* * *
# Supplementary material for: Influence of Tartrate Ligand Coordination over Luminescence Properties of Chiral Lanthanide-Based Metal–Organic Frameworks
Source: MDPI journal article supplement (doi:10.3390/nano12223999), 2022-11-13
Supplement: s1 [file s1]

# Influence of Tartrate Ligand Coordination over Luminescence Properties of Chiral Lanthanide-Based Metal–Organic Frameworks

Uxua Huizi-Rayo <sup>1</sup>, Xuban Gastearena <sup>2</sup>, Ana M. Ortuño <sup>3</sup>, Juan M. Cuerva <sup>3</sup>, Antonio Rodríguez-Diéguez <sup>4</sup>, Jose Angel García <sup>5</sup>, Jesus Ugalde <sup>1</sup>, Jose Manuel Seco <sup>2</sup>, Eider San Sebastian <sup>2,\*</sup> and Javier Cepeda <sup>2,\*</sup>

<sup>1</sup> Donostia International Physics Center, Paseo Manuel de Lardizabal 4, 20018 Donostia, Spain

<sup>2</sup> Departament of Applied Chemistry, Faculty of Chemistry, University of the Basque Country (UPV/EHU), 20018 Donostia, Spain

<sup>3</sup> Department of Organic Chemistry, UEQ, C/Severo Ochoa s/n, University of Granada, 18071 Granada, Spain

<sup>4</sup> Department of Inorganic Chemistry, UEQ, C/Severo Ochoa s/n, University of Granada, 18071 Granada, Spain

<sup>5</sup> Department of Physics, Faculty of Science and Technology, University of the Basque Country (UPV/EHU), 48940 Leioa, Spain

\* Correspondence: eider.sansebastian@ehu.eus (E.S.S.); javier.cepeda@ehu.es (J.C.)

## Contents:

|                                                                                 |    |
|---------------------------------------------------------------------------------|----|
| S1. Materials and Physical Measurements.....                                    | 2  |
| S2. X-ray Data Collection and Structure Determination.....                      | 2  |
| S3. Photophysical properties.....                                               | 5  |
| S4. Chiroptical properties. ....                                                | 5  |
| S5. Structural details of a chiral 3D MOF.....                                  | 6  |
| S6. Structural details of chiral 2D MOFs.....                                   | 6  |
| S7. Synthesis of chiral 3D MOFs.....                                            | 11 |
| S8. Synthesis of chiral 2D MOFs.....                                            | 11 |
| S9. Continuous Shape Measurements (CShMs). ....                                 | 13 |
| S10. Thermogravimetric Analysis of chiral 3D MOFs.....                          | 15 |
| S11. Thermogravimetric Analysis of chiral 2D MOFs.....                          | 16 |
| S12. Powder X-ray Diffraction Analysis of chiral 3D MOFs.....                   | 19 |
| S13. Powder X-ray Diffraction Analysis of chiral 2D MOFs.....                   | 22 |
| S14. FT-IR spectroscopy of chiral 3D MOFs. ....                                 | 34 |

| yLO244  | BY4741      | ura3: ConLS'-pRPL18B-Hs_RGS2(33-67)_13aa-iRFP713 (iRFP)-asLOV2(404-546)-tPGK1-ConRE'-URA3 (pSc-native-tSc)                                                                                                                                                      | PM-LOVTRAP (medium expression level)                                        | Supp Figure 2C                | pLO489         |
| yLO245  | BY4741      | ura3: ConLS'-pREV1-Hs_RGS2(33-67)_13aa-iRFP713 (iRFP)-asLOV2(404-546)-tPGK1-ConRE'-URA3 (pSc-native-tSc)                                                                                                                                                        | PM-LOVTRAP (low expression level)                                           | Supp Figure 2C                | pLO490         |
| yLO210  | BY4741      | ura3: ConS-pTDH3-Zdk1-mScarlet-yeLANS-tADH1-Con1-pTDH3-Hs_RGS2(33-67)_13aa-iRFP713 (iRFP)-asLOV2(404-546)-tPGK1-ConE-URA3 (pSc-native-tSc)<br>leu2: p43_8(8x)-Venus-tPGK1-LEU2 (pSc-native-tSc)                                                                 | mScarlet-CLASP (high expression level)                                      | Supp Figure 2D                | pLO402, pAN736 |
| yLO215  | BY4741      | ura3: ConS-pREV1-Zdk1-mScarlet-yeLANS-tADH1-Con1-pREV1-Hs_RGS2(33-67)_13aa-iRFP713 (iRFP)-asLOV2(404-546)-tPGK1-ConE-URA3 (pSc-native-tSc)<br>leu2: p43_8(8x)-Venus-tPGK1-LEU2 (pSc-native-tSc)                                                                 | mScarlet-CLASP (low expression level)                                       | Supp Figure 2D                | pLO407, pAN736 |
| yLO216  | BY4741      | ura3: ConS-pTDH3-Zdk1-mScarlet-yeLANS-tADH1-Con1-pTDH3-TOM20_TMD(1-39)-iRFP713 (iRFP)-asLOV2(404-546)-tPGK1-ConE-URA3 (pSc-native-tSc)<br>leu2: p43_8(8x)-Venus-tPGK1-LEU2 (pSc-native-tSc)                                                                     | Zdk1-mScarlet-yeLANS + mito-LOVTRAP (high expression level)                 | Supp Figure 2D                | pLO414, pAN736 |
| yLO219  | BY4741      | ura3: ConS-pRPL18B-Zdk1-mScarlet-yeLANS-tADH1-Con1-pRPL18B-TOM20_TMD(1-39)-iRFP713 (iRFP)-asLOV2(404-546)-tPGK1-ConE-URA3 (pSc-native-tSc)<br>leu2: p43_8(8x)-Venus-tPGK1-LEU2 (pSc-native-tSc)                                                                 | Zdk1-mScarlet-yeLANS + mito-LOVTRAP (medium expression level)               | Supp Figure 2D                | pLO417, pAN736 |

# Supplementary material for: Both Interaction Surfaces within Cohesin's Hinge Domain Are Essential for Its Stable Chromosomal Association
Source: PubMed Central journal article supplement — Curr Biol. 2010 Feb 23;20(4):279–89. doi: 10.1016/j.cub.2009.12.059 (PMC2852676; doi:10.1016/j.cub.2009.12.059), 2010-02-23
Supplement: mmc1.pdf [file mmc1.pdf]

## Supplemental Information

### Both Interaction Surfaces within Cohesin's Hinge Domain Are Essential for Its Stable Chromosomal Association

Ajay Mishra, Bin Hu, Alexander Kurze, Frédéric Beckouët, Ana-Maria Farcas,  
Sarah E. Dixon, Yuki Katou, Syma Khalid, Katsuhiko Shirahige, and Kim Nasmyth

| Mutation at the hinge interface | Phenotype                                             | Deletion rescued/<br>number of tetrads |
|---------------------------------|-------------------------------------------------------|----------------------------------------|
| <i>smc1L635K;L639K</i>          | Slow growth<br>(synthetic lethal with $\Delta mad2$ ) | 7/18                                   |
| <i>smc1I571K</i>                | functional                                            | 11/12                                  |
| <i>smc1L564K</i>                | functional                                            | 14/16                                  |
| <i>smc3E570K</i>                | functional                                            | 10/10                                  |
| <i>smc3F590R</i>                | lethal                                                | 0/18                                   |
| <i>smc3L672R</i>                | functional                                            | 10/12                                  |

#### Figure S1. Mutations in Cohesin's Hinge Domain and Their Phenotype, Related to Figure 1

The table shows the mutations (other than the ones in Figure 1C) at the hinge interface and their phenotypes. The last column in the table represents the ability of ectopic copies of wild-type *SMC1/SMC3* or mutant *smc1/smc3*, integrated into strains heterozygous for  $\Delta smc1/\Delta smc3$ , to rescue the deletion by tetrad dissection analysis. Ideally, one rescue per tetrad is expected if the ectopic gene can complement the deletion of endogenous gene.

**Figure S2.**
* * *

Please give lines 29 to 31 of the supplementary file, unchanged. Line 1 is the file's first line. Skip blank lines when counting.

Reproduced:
| yLO244  | BY4741      | ura3: ConLS'-pRPL18B-Hs_RGS2(33-67)_13aa-iRFP713 (iRFP)-asLOV2(404-546)-tPGK1-ConRE'-URA3 (pSc-native-tSc)                                                                                                                                                      | PM-LOVTRAP (medium expression level)                                        | Supp Figure 2C                | pLO489         |
| yLO245  | BY4741      | ura3: ConLS'-pREV1-Hs_RGS2(33-67)_13aa-iRFP713 (iRFP)-asLOV2(404-546)-tPGK1-ConRE'-URA3 (pSc-native-tSc)                                                                                                                                                        | PM-LOVTRAP (low expression level)                                           | Supp Figure 2C                | pLO490         |
| yLO210  | BY4741      | ura3: ConS-pTDH3-Zdk1-mScarlet-yeLANS-tADH1-Con1-pTDH3-Hs_RGS2(33-67)_13aa-iRFP713 (iRFP)-asLOV2(404-546)-tPGK1-ConE-URA3 (pSc-native-tSc)<br>leu2: p43_8(8x)-Venus-tPGK1-LEU2 (pSc-native-tSc)                                                                 | mScarlet-CLASP (high expression level)                                      | Supp Figure 2D                | pLO402, pAN736 |